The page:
(Julie Bishop Australian Minister for Foreign Affairs and Trade at the release of the White Paper)
Spent a good part of the past week in Sydney and that part of New South Wales, doing touristy stuff — and being a good Vedic Hindu, eating beef steaks. But couldn’t ignore the political hub-hub in the country created by the release of the Malcolm Turnbull-led Liberal Party government’s Foreign Policy White Paper — the first update in 14 years. It is a hefty read, but a quick glance through it revealed five things to me. That Canberra (1) clearly espies the security threat posed by Xi’s China — a scary, fast moving aggrandizing giant of a nation, especially to the Indo- and eastern Pacific (meaning the Asian rim) parts, including Australia, of the Indo-Pacific (the new nomenclature for Asia- Pacific), (2) fears economic coercion and political interference in the internal affairs of the smaller states by a Beijing determined on having its way, (3) but is reconciled to increasing trade with,and seeking more investment in the extractive/mining and infrastructure sectors from, China because otherwise the country’s economic prospects arebleak, (4) is mindful of the imminent need to shore up Australia’s military capability but, owing to the limitation of its own resources, (5) will have to try and pool its capabilities and resources principally with Japan and India, and the United States and otherwise shore up the quadrilateral to take on the would-be Asian hegemon.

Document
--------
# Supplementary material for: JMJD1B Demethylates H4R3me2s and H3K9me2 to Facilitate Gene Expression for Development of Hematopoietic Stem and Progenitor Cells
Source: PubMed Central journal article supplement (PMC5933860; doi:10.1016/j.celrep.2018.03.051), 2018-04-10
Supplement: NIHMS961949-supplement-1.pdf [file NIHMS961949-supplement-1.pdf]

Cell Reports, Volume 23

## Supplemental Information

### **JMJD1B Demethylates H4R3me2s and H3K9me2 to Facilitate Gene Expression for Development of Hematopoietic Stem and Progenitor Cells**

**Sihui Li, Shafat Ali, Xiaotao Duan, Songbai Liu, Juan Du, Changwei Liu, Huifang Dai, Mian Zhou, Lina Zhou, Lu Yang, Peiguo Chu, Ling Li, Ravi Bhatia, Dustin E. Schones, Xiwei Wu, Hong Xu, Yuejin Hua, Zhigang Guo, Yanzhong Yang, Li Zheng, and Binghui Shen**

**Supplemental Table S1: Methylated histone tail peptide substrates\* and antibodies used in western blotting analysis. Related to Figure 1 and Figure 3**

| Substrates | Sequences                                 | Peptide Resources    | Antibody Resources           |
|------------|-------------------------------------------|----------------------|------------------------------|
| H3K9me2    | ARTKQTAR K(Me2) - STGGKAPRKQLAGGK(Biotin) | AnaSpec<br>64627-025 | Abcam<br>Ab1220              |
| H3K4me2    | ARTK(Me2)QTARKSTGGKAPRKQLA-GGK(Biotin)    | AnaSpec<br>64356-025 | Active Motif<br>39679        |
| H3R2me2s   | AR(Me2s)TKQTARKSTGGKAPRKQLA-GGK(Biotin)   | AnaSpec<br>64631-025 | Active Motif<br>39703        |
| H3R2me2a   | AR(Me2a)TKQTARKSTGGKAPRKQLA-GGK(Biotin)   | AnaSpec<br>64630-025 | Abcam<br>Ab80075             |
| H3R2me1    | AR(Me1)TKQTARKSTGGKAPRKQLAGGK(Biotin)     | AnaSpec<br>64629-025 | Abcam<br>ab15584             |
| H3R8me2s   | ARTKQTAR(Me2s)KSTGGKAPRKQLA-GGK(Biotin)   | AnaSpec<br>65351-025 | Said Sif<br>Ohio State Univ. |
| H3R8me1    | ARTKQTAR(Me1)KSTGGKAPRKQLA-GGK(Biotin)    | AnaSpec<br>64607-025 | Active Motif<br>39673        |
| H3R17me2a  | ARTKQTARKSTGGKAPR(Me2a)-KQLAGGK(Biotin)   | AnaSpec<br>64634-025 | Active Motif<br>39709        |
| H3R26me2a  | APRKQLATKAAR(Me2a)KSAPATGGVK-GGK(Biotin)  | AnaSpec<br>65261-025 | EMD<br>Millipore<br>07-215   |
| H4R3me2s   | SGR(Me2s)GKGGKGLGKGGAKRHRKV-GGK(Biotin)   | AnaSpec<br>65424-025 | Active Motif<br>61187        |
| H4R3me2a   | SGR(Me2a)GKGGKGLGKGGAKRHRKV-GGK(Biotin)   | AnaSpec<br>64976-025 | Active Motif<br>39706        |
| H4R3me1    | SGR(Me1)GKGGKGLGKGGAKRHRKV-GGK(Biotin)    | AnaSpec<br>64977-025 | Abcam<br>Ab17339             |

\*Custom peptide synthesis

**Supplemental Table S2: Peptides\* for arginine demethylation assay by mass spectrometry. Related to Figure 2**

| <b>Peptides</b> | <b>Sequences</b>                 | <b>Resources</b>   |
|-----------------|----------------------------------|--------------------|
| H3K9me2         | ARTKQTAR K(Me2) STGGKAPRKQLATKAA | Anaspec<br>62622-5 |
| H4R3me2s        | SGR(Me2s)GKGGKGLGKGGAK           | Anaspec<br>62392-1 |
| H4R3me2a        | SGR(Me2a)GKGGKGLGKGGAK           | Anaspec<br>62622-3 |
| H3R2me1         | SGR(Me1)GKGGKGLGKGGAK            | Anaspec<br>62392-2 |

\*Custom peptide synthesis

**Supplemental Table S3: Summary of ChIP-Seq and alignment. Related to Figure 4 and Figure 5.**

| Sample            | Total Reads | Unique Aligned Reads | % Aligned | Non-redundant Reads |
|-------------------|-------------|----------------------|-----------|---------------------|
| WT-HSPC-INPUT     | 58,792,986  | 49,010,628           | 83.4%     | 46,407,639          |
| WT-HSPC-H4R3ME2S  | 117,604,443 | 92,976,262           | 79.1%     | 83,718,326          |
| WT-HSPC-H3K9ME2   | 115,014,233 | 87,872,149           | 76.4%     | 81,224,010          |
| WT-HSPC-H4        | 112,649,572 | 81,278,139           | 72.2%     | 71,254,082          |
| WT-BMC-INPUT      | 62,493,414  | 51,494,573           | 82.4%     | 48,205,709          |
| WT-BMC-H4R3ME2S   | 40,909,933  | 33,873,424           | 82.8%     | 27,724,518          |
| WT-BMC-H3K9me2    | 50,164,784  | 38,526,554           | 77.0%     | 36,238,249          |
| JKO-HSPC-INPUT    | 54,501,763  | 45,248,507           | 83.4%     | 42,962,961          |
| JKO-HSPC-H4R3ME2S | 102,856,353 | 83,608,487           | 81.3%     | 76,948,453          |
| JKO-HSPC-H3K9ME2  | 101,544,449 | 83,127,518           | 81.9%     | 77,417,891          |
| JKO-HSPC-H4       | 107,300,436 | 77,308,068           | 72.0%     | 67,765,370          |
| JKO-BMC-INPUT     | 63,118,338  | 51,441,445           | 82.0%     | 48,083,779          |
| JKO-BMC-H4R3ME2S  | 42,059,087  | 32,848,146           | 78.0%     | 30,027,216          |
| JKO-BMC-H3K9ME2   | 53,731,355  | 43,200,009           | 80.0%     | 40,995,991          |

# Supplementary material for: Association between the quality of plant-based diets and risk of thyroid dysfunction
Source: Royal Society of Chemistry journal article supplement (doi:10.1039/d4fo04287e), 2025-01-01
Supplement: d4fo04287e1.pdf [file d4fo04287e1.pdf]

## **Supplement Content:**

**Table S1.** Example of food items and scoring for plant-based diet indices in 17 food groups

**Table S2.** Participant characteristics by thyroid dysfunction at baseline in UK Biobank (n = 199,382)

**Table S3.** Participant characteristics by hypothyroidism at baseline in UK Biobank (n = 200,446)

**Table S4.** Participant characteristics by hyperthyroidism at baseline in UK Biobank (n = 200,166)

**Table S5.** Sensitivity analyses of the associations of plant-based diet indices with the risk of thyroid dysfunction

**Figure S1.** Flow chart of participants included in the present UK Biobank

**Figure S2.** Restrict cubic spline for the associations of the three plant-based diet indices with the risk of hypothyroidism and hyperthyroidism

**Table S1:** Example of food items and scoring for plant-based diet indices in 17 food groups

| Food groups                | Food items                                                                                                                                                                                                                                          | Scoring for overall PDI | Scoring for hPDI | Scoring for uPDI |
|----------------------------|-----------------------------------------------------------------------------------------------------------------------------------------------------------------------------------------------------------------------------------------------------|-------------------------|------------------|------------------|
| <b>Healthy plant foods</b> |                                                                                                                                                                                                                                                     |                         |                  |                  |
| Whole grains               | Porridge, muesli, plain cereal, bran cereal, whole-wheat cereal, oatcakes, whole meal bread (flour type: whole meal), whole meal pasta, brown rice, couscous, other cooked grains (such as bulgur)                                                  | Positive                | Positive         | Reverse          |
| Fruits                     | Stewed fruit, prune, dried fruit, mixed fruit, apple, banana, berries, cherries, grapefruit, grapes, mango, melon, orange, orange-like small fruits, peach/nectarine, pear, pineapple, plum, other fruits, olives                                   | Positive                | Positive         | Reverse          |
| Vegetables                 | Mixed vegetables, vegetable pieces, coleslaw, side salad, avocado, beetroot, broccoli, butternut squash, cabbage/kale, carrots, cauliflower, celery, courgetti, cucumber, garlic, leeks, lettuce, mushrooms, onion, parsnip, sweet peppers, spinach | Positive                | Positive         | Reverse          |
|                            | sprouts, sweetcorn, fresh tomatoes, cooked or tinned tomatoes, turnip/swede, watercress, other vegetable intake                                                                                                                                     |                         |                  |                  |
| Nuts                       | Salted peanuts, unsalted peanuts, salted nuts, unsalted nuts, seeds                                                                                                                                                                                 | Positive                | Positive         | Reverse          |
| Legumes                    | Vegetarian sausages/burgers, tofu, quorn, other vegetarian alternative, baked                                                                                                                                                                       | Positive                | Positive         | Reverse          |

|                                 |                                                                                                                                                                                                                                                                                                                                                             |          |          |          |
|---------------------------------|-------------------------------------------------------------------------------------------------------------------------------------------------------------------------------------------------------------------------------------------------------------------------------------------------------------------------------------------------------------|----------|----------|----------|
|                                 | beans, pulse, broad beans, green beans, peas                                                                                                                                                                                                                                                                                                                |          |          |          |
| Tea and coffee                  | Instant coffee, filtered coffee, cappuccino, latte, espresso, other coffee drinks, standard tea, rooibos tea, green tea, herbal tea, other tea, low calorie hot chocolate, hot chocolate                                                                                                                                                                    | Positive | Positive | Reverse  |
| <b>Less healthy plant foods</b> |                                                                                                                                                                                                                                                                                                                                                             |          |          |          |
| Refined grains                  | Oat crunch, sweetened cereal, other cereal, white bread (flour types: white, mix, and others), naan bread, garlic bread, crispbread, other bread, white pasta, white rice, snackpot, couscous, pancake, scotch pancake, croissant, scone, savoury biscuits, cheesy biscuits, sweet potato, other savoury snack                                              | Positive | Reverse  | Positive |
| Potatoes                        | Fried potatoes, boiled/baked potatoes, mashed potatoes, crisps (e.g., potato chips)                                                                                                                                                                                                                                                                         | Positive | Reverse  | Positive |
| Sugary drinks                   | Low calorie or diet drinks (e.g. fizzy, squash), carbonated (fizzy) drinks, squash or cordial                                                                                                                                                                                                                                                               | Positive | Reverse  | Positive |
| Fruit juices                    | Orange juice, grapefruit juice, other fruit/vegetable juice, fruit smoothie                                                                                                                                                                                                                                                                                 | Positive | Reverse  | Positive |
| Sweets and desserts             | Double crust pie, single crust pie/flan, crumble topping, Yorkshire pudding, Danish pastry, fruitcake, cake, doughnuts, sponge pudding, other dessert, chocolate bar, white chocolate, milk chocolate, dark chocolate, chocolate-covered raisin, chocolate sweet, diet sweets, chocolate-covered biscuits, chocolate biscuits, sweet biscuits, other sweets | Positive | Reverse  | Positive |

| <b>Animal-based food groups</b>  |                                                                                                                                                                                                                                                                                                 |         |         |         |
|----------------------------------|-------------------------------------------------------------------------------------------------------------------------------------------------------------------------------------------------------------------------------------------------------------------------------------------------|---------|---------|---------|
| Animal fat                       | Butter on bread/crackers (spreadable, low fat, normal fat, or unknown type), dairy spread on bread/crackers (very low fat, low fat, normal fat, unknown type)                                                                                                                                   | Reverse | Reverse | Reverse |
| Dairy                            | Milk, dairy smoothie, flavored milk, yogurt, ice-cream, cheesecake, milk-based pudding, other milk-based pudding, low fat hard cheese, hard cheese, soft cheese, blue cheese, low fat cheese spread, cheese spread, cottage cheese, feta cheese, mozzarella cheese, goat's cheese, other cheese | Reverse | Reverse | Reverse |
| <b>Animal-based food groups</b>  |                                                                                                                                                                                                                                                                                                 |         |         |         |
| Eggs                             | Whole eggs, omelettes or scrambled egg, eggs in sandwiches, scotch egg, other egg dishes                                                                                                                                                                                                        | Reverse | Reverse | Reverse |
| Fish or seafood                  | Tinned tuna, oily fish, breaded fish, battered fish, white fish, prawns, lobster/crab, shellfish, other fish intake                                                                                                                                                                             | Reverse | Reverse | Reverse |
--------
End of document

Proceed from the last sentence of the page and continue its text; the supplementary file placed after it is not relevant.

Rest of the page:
What’s apparent is the tension between how much to economically canoodle with the Chinese and the degree to which to militarily oppose it collectively with other nations, the only way to contain China. It is a dilemma all Asian states face because they all have strong economic/trade/investment ties with China but feel equally insecure with it around. It will centrally animate the Quad, with each of its members working out their individual solutions and Beijing doing its damndest to prevent solidarity by offering separate sweet-heart deals with each of them — its ASEAN strategy now enlarged. What’s also palpable is the concern with how Trump’s America will behave.
To-date Washington has been a pussycat. During the 2016 presidential elections campaign Trump promised that on day one in the White House he’d declare China a “currency manipulator” — a serious charge that would have automatically tripped a whole range of punitive countermeasures. A year later none of this has come to pass. Instead, we have Trump’s grand daughter, Ivanka’s child, serenading the Xi’s in Mar-e-Lago during the latters’ visit with a poem in Mandarin, and regaling them when the US President was in Beijing recently, with a videoed performance of a song again in Mandarin, which Xi promptly hailed as by “a Number One pop star”. Are the Trumps then preparing for a world 50 years hence when Mandarin will displace English as the universal lingua franca? And, what does that say about the US’ reliability as “strategic partner”for India?